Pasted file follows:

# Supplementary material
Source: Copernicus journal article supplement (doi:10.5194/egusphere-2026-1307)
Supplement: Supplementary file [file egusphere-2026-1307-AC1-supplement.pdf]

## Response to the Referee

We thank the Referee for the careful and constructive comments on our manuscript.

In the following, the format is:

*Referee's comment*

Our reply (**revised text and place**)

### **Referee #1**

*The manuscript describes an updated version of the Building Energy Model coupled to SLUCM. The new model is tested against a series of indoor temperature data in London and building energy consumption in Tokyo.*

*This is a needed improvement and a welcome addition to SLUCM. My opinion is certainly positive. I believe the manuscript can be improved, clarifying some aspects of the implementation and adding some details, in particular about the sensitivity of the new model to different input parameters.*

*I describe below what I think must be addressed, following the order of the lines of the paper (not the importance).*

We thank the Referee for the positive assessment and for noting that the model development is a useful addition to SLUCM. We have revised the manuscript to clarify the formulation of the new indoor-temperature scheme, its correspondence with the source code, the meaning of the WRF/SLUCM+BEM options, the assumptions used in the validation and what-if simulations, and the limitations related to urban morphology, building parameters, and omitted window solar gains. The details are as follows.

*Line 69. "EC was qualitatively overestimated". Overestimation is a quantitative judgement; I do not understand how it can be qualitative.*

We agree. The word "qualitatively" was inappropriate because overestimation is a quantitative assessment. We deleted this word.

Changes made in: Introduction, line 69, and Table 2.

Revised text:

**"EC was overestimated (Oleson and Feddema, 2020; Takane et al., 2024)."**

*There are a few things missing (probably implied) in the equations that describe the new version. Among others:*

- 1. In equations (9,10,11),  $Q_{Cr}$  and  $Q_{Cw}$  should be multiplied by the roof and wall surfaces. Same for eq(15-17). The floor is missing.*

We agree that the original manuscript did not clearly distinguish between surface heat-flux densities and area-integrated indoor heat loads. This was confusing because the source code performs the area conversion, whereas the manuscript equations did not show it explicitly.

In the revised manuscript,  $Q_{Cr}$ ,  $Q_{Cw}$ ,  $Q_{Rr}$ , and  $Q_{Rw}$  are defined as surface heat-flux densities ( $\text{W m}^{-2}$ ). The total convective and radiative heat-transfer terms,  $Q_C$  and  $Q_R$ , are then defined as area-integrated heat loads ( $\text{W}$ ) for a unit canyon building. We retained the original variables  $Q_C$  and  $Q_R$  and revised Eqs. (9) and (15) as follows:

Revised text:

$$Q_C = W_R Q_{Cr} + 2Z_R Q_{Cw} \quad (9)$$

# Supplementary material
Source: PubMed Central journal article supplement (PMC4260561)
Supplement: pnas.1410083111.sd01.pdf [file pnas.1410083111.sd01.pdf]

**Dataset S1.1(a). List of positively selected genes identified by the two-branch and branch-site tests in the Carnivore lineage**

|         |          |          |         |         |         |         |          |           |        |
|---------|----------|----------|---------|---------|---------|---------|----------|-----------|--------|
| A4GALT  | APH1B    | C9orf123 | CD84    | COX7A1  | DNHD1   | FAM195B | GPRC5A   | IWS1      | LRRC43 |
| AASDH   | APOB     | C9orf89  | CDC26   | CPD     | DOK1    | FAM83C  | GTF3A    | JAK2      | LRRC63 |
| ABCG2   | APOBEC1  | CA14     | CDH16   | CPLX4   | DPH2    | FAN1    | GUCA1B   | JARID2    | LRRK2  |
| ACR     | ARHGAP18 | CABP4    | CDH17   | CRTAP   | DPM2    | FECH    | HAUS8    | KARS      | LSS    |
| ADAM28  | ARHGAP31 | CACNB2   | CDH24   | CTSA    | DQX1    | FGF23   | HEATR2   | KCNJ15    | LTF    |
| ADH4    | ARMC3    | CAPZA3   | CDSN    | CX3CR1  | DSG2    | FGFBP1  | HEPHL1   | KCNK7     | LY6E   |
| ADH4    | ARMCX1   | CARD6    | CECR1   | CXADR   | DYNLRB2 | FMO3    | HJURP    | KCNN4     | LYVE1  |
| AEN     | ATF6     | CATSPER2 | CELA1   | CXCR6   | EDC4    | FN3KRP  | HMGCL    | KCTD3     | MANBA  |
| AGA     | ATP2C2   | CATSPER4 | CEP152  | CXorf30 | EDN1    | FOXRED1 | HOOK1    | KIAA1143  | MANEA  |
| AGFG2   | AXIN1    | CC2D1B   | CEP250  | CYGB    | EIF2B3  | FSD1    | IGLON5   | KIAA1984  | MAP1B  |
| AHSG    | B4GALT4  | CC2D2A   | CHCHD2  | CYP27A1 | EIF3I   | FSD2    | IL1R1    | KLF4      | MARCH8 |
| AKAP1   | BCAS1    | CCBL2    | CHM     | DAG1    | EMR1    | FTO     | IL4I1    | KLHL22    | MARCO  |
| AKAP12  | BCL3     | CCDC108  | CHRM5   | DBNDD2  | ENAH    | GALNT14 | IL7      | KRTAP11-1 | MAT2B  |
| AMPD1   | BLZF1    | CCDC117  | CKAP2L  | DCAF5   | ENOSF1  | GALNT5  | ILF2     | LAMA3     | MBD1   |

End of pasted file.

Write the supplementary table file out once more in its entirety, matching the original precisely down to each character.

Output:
# Supplementary material
Source: Copernicus journal article supplement (doi:10.5194/egusphere-2026-1307)
Supplement: Supplementary file [file egusphere-2026-1307-AC1-supplement.pdf]

## Response to the Referee

We thank the Referee for the careful and constructive comments on our manuscript.

In the following, the format is:

*Referee's comment*

Our reply (**revised text and place**)

### **Referee #1**

*The manuscript describes an updated version of the Building Energy Model coupled to SLUCM. The new model is tested against a series of indoor temperature data in London and building energy consumption in Tokyo.*

*This is a needed improvement and a welcome addition to SLUCM. My opinion is certainly positive. I believe the manuscript can be improved, clarifying some aspects of the implementation and adding some details, in particular about the sensitivity of the new model to different input parameters.*

*I describe below what I think must be addressed, following the order of the lines of the paper (not the importance).*

We thank the Referee for the positive assessment and for noting that the model development is a useful addition to SLUCM. We have revised the manuscript to clarify the formulation of the new indoor-temperature scheme, its correspondence with the source code, the meaning of the WRF/SLUCM+BEM options, the assumptions used in the validation and what-if simulations, and the limitations related to urban morphology, building parameters, and omitted window solar gains. The details are as follows.

*Line 69. "EC was qualitatively overestimated". Overestimation is a quantitative judgement; I do not understand how it can be qualitative.*

We agree. The word "qualitatively" was inappropriate because overestimation is a quantitative assessment. We deleted this word.

Changes made in: Introduction, line 69, and Table 2.

Revised text:

**"EC was overestimated (Oleson and Feddema, 2020; Takane et al., 2024)."**

*There are a few things missing (probably implied) in the equations that describe the new version. Among others:*

- 1. In equations (9,10,11),  $Q_{Cr}$  and  $Q_{Cw}$  should be multiplied by the roof and wall surfaces. Same for eq(15-17). The floor is missing.*

We agree that the original manuscript did not clearly distinguish between surface heat-flux densities and area-integrated indoor heat loads. This was confusing because the source code performs the area conversion, whereas the manuscript equations did not show it explicitly.

In the revised manuscript,  $Q_{Cr}$ ,  $Q_{Cw}$ ,  $Q_{Rr}$ , and  $Q_{Rw}$  are defined as surface heat-flux densities ( $\text{W m}^{-2}$ ). The total convective and radiative heat-transfer terms,  $Q_C$  and  $Q_R$ , are then defined as area-integrated heat loads ( $\text{W}$ ) for a unit canyon building. We retained the original variables  $Q_C$  and  $Q_R$  and revised Eqs. (9) and (15) as follows:

Revised text:

$$Q_C = W_R Q_{Cr} + 2Z_R Q_{Cw} \quad (9)$$

# Supplementary material
Source: PubMed Central journal article supplement (PMC4260561)
Supplement: pnas.1410083111.sd01.pdf [file pnas.1410083111.sd01.pdf]

**Dataset S1.1(a). List of positively selected genes identified by the two-branch and branch-site tests in the Carnivore lineage**

|         |          |          |         |         |         |         |          |           |        |
|---------|----------|----------|---------|---------|---------|---------|----------|-----------|--------|
| A4GALT  | APH1B    | C9orf123 | CD84    | COX7A1  | DNHD1   | FAM195B | GPRC5A   | IWS1      | LRRC43 |
| AASDH   | APOB     | C9orf89  | CDC26   | CPD     | DOK1    | FAM83C  | GTF3A    | JAK2      | LRRC63 |
| ABCG2   | APOBEC1  | CA14     | CDH16   | CPLX4   | DPH2    | FAN1    | GUCA1B   | JARID2    | LRRK2  |
| ACR     | ARHGAP18 | CABP4    | CDH17   | CRTAP   | DPM2    | FECH    | HAUS8    | KARS      | LSS    |
| ADAM28  | ARHGAP31 | CACNB2   | CDH24   | CTSA    | DQX1    | FGF23   | HEATR2   | KCNJ15    | LTF    |
| ADH4    | ARMC3    | CAPZA3   | CDSN    | CX3CR1  | DSG2    | FGFBP1  | HEPHL1   | KCNK7     | LY6E   |
| ADH4    | ARMCX1   | CARD6    | CECR1   | CXADR   | DYNLRB2 | FMO3    | HJURP    | KCNN4     | LYVE1  |
| AEN     | ATF6     | CATSPER2 | CELA1   | CXCR6   | EDC4    | FN3KRP  | HMGCL    | KCTD3     | MANBA  |
| AGA     | ATP2C2   | CATSPER4 | CEP152  | CXorf30 | EDN1    | FOXRED1 | HOOK1    | KIAA1143  | MANEA  |
| AGFG2   | AXIN1    | CC2D1B   | CEP250  | CYGB    | EIF2B3  | FSD1    | IGLON5   | KIAA1984  | MAP1B  |
| AHSG    | B4GALT4  | CC2D2A   | CHCHD2  | CYP27A1 | EIF3I   | FSD2    | IL1R1    | KLF4      | MARCH8 |
| AKAP1   | BCAS1    | CCBL2    | CHM     | DAG1    | EMR1    | FTO     | IL4I1    | KLHL22    | MARCO  |
| AKAP12  | BCL3     | CCDC108  | CHRM5   | DBNDD2  | ENAH    | GALNT14 | IL7      | KRTAP11-1 | MAT2B  |
| AMPD1   | BLZF1    | CCDC117  | CKAP2L  | DCAF5   | ENOSF1  | GALNT5  | ILF2     | LAMA3     | MBD1   |